Rusty Bryant is the father of the late pop singer Stevie Woods, who recorded “Steal the Night” and “Just Can’t Win ‘Em All.”


About the author:

Candice Watkins serves as the Administrative Coordinator for Listen For The Jazz: Key Notes In Columbus History & Ohio Swings! Projects. Candice is the Co-Author of “Columbus: A Musical Crossroads” and “Ohio Jazz: Jazz In the Buckeye State,” and is the editor for Listen For the Jazz: Key Notes In Columbus History Vol. I & II. You can read more about her in “About Us.”



Sources: Dr. Ted McDaniel, Arnett Howard, David Meyers, James “Doc Jazz” Loeffler

Original 7″ vinyl (45rpm) releases  

Carolyn Records [credited to Rusty Bryant And The Carolyn Club Band]:

(1952) Castle Rock // Nite Train – DOT Records

(1954) Castle Rock [8222] reissue // All Nite Long [8223] reissue of “Nite Train” with new title

(1954) Pink Champagne [8254] // Slow Drag [8255]

(1954) House Rocker [8333] // Danger Blues [8337] with Jane Turner-vocal

(1954) Blow Rusty Blow [8336] // Merry Go Round

(1955) Back Street [8487] // Record Delivery Blues [8489]

(1955) Hot Fudge [8659] // Ridin’ With Rusty [8661]

(1955) The Honeydripper [8658] // Moonlight Garden Stomp [8660]

(1956) I Need Somebody [9018] with Evans Sisters-vocals // Frankie And Johnny [9032]

(1956) Foot Stompin’ [8199] // Don’t Tell Me [8200]

(1956) All Nite Long [8223] reissue // Pink Champagne [8254] reissue

(1956) Honky Tonk, Part II [9277] // Lonely Cryin’ Heart [9278]

(1957) Kittyhawk, Pt. #2 [9505] // Little Hawk’s Walk [9506]

(1970) Soul Liberation, Pt. 1 // Soul Liberation, Pt. 2

(1971) Fire Eater // The Hooker

LP/CD releases/compilations

  • America’s Greatest Jazz (Dot DLP-3006, 1956) [credited to Rusty Bryant And The Carolyn Club Band]
  • Jazz Horizons: Rusty Bryant Plays Jazz (Dot DLP-3079, 1958)
  • America’s Greatest Jazz, Vol. II (Dot DLP-3353, 1961)
  • Lonesome Traveler (Cadet LPS-778, 1966)
  • Rusty Bryant Returns (Prestige, 1969)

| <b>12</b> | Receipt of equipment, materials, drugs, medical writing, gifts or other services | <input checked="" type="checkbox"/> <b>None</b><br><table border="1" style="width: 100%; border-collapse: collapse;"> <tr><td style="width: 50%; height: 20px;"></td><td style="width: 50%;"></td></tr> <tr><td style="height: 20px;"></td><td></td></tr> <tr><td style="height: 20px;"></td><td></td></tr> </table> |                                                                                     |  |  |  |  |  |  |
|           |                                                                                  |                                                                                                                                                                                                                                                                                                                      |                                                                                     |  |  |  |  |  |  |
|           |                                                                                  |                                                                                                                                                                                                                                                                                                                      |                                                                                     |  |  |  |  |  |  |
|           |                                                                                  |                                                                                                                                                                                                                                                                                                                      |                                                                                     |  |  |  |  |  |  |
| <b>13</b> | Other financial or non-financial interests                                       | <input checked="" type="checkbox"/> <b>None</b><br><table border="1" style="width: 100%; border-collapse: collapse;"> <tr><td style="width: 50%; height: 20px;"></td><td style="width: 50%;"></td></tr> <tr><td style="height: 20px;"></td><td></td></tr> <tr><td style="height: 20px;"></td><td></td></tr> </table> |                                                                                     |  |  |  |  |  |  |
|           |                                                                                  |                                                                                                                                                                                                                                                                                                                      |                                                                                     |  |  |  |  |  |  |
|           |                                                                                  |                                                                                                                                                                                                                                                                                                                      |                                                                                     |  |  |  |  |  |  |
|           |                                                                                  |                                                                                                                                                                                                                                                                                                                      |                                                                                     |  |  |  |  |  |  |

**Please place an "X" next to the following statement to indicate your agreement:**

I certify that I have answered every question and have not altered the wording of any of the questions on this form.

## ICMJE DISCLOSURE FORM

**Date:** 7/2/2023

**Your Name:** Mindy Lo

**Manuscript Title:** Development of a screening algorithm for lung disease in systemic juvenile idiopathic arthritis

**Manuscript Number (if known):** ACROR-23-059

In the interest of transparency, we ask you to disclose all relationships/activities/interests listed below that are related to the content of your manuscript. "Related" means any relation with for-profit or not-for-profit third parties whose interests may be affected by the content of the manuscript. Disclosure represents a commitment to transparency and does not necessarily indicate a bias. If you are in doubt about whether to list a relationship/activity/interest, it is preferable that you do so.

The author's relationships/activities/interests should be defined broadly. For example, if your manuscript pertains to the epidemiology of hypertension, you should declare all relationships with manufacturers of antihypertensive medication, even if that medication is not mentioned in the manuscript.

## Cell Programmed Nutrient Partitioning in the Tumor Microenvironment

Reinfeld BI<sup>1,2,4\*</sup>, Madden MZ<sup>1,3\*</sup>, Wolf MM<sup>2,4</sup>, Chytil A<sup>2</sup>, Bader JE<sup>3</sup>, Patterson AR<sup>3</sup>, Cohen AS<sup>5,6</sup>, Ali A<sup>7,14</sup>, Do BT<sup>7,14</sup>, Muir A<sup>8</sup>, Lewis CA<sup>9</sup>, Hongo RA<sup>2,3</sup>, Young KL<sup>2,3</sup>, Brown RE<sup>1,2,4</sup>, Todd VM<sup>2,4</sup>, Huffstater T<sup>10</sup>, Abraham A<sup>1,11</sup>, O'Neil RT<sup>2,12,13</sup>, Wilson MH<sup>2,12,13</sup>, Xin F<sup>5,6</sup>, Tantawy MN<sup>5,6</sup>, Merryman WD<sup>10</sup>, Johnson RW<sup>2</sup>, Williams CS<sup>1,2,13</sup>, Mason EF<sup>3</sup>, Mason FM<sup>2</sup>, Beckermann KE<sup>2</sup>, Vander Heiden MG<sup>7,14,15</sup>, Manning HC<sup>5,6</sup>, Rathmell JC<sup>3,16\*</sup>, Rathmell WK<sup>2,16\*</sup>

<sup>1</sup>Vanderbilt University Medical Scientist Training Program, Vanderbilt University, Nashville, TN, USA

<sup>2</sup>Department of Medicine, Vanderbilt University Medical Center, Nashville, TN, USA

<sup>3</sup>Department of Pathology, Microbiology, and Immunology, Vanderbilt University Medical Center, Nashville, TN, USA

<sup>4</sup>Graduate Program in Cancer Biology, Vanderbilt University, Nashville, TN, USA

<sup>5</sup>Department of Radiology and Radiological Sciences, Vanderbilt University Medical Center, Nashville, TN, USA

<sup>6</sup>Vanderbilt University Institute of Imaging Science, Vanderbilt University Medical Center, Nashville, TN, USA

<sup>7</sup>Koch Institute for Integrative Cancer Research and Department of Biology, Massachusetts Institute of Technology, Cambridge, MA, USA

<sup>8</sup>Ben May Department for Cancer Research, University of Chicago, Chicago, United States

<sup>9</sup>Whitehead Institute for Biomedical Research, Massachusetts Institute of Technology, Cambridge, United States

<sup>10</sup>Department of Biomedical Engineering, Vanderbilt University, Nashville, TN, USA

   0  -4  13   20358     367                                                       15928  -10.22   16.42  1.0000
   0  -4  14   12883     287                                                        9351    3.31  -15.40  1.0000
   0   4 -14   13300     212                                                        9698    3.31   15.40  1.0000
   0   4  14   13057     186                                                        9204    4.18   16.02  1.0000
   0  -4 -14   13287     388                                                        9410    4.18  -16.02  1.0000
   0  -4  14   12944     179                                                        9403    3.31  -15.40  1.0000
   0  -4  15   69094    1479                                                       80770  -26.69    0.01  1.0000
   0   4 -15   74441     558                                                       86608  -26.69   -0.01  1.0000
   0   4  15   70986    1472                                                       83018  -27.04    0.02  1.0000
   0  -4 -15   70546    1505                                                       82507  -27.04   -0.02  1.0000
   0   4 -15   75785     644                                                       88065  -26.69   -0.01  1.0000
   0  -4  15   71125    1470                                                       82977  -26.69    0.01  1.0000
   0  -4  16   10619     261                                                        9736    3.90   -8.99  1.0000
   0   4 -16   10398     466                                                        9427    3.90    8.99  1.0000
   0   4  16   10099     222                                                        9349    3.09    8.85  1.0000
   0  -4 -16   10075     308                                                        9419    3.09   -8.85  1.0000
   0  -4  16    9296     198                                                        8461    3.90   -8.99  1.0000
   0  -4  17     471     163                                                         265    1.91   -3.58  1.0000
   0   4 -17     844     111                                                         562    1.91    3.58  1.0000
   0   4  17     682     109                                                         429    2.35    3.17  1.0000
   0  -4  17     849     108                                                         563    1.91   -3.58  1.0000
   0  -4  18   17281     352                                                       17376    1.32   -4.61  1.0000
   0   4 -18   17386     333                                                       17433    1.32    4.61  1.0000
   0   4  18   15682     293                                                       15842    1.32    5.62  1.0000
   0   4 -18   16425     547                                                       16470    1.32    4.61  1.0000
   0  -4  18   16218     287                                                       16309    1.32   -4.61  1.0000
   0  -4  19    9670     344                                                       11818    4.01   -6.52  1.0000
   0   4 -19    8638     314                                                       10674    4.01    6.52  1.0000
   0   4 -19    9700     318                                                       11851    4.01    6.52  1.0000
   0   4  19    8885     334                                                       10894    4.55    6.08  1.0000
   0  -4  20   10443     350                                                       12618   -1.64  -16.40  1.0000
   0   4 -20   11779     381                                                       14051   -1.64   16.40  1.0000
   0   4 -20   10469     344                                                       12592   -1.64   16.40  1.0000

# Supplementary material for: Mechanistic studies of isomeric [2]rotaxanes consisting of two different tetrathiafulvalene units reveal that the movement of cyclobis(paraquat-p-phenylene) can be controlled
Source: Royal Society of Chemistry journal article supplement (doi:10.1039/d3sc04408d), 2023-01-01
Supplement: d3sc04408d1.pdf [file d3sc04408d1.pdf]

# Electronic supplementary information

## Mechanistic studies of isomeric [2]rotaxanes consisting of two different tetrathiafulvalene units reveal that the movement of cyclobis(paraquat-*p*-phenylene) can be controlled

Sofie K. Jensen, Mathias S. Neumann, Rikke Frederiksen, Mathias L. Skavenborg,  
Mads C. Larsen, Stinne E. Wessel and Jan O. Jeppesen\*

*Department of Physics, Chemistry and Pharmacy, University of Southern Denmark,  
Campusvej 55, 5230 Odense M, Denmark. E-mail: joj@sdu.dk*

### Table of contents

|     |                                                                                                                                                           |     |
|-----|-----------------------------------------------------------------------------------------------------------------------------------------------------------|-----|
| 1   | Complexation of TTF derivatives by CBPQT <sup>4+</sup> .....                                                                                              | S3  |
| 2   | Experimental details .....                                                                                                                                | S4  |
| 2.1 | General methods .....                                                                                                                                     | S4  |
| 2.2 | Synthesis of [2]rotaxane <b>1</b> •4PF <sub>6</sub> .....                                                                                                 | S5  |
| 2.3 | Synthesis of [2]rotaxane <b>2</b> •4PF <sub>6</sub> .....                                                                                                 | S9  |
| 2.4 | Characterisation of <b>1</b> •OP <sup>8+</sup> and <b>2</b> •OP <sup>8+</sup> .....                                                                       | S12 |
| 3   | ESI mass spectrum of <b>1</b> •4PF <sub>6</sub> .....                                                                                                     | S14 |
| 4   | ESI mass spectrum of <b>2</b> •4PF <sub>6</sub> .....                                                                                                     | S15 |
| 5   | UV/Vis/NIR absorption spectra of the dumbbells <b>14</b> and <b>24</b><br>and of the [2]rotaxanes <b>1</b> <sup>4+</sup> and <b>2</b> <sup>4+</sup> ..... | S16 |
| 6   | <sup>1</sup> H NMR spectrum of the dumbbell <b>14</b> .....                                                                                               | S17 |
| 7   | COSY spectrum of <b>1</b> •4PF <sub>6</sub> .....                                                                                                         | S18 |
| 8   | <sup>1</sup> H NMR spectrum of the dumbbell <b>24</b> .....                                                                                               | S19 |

• Night Train Now! (Prestige, 1969)
  • Soul Liberation (Prestige, 1970)
  • Fire Eater (Prestige, 1971) – with Wilbert Longmire
  • Wild Fire (Prestige, 1971)
  • Friday Night Funk for Saturday Night Brothers (Prestige, 1972)
  • For the Good Times (Prestige, 1973)
  • Until It’s Time for You to Go (Prestige, 1974)
  • Rusty Rides Again! (Phoenix Records, 1980; CD reissue: High Note, 2001)
  • Rusty Bryant With The Boss 4 (Phoenix, 1981)
  • Legends Of Acid Jazz: Rusty Bryant (Prestige, 1996) (compilation of Night Train Now! + Soul Liberation)
  • Legends Of Acid Jazz: Rusty Bryant, Vol. 2 (Prestige, 1999) (compilation of Fire Eater + Wild Fire)
  • For The Good Times (Prestige, 2002) (compilation of For The Good Times + Until It’s Time For You To Go)
  • Original Quintet Complete Recordings (Lone Hill Jazz, 2004) (compilation of Jazz Horizons: Rusty Bryant Plays Jazz + America’s Greatest Jazz, Vol. II)
  • The Chronological Rusty Bryant 1952-1954 (Classics ‘Blues & Rhythm Series’ #5182, 2007)
  • America’s Greatest Rock ‘N’ Roll (Carolyn Records #101, 20??) [credited to Rusty Bryant And The Carolyn Club Band] -note: includes all eleven singles [A & B sides] that Bryant released on Dot Records (from 1954-1956), plus “Hanka Boo” [an album only track].

As sideman

With Richard “Groove” Holmes

With Boogaloo Joe Jones

With Charles Kynard

With Hank Marr

  • Teentime: Latest Dance Steps (King, 1963)
  • Live At The Club 502 (King, 1964)
  • On And Off Stage (King, 1965)
  • Sounds From The Marr-Ket Place (King, 1968)

With Jimmy McGriff

  • The Starting Five (Milestone, 1987)

With Sonny Phillips

With Johnny “Hammond” Smith